Digital Teaching Resources, Flexible Content, Student Choice, Uncategorized

Managing Book Clubs in a Digital Classroom

I have been focusing on student choice this year. This was easiest for me to start with in reading. I have six IB units that I teach each year and always match a novel up to each of the units. This year, I started giving the students a choice between two novels. I was shocked when I did an initial survey, that the groups were almost dead even. I did this again for my second novel, and then I got all crazy and let them choose from three novels. Again, the groups were about 1/3 of the class. I had to move one or two students but I made sure to give them their second choice if they did not get their first choice. (I attached a brief description of the novels in Google Classroom and then sent them a Google Form letting them tell me their preference.)

book club

We have been using the College of William and Mary’s GT book Patterns of Change to teach literature and language arts this year. I am using their literature web, and change matrix along with the normal plot maps, character traits, predictions, and connections (text-to-self, text-to-text, text-to-world) that most teachers would use when doing a novel study. My students have worked on these in smaller chunks all year, and I would not give this entire packet without working on each of these elements previously. (I am typing this blog in March, and only now do I feel like my students are ready.) You can find my digital resource for Book Clubs here. I share the slideshow with one member of each club, who in turn, shares the file with his/her group with editing rights.

Rules of Book Club:

  • Four students to a “club”.
  • Students choose their roles.
    (A coin flip may be used to settle disputes, but the results are final.)
  • Students create the schedule.
    (For our first book club, I assigned them five chapters of their novel a week, but I’ve seen other teachers give their students the end date of the entire novel and is up to the students to get it completed.)
  • Students are still responsible for their own comprehension questions.
  • Groups meet as often or as little as they want.
    (Some groups in my class like to read the novel together and then come up with predictions, theme, etc together (ie one chapter a day). Other groups preferred to do the reading at home, and come together during class for deeper discussions about the novel. I am okay with either set-up.)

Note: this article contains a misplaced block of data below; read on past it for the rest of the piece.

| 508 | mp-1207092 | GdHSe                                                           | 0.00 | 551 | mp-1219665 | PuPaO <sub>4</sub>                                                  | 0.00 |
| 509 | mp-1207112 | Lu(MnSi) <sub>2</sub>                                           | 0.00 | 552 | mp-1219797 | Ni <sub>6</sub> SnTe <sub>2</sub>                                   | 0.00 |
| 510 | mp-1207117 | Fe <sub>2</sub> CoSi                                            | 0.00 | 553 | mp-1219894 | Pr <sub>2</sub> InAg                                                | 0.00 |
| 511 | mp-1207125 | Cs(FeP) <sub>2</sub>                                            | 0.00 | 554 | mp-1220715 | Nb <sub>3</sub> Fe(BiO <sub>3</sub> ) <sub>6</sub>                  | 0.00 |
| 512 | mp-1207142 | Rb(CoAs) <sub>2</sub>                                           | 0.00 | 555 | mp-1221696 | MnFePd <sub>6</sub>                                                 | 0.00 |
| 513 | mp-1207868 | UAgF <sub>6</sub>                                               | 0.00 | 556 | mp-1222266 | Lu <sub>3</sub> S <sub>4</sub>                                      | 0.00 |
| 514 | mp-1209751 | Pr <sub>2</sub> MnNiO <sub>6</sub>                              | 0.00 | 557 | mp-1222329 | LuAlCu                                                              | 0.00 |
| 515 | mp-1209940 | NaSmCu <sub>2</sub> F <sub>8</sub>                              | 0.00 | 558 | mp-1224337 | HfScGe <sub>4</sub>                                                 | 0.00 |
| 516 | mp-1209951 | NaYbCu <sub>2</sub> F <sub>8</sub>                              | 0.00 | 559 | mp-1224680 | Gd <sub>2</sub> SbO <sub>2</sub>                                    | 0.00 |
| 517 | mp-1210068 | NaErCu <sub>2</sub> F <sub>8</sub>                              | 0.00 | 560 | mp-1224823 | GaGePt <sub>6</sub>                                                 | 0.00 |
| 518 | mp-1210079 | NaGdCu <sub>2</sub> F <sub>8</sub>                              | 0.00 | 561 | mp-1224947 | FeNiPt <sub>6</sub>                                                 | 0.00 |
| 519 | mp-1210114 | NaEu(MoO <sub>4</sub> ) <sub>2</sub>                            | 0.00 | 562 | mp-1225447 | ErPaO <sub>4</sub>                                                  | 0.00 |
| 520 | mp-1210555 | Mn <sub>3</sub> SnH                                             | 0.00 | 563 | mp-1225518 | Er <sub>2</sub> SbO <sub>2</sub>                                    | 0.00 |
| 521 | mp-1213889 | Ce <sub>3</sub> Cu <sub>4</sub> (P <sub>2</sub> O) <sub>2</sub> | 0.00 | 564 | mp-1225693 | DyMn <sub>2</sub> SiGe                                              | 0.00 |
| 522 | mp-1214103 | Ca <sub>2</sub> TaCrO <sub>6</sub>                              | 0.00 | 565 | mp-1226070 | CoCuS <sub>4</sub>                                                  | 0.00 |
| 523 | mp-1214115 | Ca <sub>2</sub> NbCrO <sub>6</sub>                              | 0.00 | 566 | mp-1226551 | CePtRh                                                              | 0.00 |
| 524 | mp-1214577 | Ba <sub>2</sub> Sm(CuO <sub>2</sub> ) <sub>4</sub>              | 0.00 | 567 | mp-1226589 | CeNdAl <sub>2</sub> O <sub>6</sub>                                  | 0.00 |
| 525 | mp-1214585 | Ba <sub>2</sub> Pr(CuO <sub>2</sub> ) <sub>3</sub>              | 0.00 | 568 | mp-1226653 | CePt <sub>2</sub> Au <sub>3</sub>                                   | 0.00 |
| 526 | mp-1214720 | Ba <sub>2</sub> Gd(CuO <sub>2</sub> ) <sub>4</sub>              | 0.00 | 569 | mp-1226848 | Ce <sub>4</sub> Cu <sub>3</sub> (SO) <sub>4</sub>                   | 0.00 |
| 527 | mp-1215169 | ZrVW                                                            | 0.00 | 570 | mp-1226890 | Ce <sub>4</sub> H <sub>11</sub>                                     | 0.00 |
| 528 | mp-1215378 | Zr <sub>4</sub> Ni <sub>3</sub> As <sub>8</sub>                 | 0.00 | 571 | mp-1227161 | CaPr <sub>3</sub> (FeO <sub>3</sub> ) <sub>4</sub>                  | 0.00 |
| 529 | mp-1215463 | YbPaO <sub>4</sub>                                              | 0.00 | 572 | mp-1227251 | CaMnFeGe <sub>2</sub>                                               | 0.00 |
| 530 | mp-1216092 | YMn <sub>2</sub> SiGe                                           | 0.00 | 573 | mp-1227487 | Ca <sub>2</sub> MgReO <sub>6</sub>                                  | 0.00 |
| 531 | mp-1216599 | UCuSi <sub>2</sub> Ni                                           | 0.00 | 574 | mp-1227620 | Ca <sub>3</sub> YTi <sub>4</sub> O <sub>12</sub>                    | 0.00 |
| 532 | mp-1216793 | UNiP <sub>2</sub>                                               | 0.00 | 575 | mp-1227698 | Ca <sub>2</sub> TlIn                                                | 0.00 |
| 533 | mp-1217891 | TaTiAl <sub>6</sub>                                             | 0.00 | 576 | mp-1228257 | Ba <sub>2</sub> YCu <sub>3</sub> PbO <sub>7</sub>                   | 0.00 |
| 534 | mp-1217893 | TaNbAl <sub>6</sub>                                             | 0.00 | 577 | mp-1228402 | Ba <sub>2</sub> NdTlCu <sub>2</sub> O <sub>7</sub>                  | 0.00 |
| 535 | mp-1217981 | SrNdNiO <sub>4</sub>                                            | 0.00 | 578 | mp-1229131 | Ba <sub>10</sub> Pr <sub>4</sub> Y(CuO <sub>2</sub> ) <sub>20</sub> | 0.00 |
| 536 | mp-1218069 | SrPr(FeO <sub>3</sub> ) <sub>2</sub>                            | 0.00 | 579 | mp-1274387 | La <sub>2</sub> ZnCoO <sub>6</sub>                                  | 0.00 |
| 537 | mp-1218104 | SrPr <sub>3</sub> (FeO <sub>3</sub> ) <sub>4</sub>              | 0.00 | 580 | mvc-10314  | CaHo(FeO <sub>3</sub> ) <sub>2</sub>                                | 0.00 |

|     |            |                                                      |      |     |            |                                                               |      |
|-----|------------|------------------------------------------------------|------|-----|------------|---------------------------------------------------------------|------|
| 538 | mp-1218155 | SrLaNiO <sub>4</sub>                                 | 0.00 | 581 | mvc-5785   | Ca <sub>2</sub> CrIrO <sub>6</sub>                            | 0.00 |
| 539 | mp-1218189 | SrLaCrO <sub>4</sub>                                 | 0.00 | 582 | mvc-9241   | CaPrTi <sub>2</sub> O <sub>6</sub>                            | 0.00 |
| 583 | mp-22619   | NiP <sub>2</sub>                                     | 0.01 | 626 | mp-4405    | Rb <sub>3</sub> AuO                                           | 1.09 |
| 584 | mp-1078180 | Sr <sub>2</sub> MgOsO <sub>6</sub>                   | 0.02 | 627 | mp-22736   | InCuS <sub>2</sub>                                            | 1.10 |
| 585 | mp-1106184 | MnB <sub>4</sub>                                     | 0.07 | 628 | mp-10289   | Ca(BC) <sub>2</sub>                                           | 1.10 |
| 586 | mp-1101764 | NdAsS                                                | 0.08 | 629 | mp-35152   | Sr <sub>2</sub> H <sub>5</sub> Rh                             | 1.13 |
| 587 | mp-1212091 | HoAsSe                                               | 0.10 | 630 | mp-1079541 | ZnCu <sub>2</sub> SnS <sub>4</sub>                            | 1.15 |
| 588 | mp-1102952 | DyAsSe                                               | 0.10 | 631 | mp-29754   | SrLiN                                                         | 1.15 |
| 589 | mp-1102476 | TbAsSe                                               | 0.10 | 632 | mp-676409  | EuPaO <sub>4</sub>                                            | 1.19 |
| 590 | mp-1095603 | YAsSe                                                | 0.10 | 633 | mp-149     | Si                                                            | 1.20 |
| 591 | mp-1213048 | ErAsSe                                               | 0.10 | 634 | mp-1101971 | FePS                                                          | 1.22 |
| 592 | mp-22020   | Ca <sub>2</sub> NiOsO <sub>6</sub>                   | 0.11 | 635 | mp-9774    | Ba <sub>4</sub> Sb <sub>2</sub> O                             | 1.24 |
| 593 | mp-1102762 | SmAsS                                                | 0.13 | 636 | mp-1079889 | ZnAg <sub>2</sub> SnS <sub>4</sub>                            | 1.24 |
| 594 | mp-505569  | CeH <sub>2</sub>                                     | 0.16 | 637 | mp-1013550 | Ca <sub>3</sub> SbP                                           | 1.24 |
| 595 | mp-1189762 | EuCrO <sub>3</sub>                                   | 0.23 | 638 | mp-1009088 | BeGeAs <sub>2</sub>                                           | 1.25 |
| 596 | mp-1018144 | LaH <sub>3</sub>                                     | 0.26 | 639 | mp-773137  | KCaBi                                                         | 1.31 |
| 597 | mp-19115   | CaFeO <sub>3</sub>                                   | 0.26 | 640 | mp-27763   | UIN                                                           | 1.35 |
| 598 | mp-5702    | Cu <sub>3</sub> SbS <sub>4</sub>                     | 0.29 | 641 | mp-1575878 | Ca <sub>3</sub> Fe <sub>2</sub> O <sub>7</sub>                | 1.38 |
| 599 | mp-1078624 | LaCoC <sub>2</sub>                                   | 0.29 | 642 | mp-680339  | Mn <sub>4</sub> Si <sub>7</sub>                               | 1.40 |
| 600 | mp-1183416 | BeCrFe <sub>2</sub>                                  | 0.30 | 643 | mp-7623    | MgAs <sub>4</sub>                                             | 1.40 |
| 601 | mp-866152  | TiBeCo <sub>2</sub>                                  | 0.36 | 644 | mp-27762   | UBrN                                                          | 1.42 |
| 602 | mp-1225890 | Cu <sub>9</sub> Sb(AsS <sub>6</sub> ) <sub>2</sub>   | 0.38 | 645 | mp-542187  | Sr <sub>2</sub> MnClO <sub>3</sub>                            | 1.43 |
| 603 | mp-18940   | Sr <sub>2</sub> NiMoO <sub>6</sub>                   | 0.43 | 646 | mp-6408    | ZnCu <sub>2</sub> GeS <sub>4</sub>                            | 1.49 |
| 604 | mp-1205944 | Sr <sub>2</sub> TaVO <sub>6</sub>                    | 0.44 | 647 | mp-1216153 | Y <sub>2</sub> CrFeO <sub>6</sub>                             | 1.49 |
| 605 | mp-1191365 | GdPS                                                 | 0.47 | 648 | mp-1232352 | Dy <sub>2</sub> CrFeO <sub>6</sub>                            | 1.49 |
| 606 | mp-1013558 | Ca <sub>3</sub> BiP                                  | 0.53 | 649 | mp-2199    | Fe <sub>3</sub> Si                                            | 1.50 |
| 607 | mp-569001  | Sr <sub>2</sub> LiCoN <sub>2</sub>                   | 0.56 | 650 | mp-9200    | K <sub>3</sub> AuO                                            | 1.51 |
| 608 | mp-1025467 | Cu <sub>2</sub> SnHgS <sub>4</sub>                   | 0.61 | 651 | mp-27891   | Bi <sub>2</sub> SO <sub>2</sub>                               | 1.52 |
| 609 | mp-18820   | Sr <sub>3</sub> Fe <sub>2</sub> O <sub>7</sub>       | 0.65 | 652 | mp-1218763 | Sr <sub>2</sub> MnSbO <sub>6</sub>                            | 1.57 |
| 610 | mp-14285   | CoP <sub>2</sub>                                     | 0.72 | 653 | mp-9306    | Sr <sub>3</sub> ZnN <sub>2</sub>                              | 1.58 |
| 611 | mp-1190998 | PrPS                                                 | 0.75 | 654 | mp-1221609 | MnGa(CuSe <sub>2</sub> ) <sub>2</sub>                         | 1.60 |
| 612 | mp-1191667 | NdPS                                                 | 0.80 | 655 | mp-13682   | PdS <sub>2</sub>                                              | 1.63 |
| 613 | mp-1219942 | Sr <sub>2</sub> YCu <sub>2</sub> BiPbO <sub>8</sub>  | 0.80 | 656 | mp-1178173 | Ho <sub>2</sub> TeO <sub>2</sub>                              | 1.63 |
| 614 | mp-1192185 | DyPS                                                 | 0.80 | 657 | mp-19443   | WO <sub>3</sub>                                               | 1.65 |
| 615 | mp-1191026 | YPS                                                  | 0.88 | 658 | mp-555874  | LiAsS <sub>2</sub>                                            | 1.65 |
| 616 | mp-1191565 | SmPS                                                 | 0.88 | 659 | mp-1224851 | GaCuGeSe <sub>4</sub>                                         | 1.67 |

• Each member of the group is responsible for typing on their slides only.
    (The answers to the questions, though, should be discussed collaboratively.)
  • Students will assess their peers at the end of each week.

So far, this has gone well. The majority of groups got straight to work, and if they assigned themselves chapters to read at home, everyone came back prepared. Time management has been an issue for my class all year. I am hoping by chunking this (five chapters a week…ie one chapter a day), the students will stay on track. If it continues going well, I will use the clubs again with my last novel study (Civil War) in about a month. I also made these simple book marks so the kids could keep track of their “job” and take notes while reading.

Digital Citizenship, Digital Teaching Resources, Flexible Content, Flipped Classroom, Math Rotations, Personalized Learning, Uncategorized

Flipped Classroom

I have been intrigued with the Flipped Classroom for a while. (The general idea is the reverse of the traditional learning environment: delivering instructional content like videos, primary source documents, reading assignments– outside of the classroom. It moves activities, including those that may have traditionally been considered homework, like discussion questions, projects, and activities based on the readings for school.) This video is a great overview.

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At the beginning of the year, I promised my kids and parents that I wouldn’t assign homework. I was nervous to try flipping my classroom because I was afraid there would be backlash when I started sending work home. I think I will fully embrace the flipped classroom next year, but for now I’m experimenting with the “in-class flip.”

It was easiest for me to start thinking about flipping my reading and math lessons. I created this choice board with different activities for the students to work on (their choice) while I pulled small groups for differentiated instruction. My students all went straight for the games, and not much else.

Version Two: This math choice board works so much better! There are three choices in dark blue. The students must complete two days in the dark boxes, before moving to the lighter boxes. They spend two days in the medium blue boxes (or they can go back to dark blue). Finally, they can choose the game on Friday or any of the previous activities. I made a similar version for reading but is a little more flexible.

This took a bit of time…I had to link up the videos, Padlet boards, skill sheets, etc., but once they are created, I’ll have them for years. Another issue is that YouTube is blocked at my school. I had to link up BrainPop! videos (students have passwords for this site), and explained that the other videos can be watched at home.  While it’s not a full “Flip” it is definitely a start. Here are the links to my Padlets. It’s so easy to make your own.

  • Padlet Examples:

          Social Studies
          Science
         Reading
          Math

Here are some additional resources that have helped me or that I have created to help others in my building.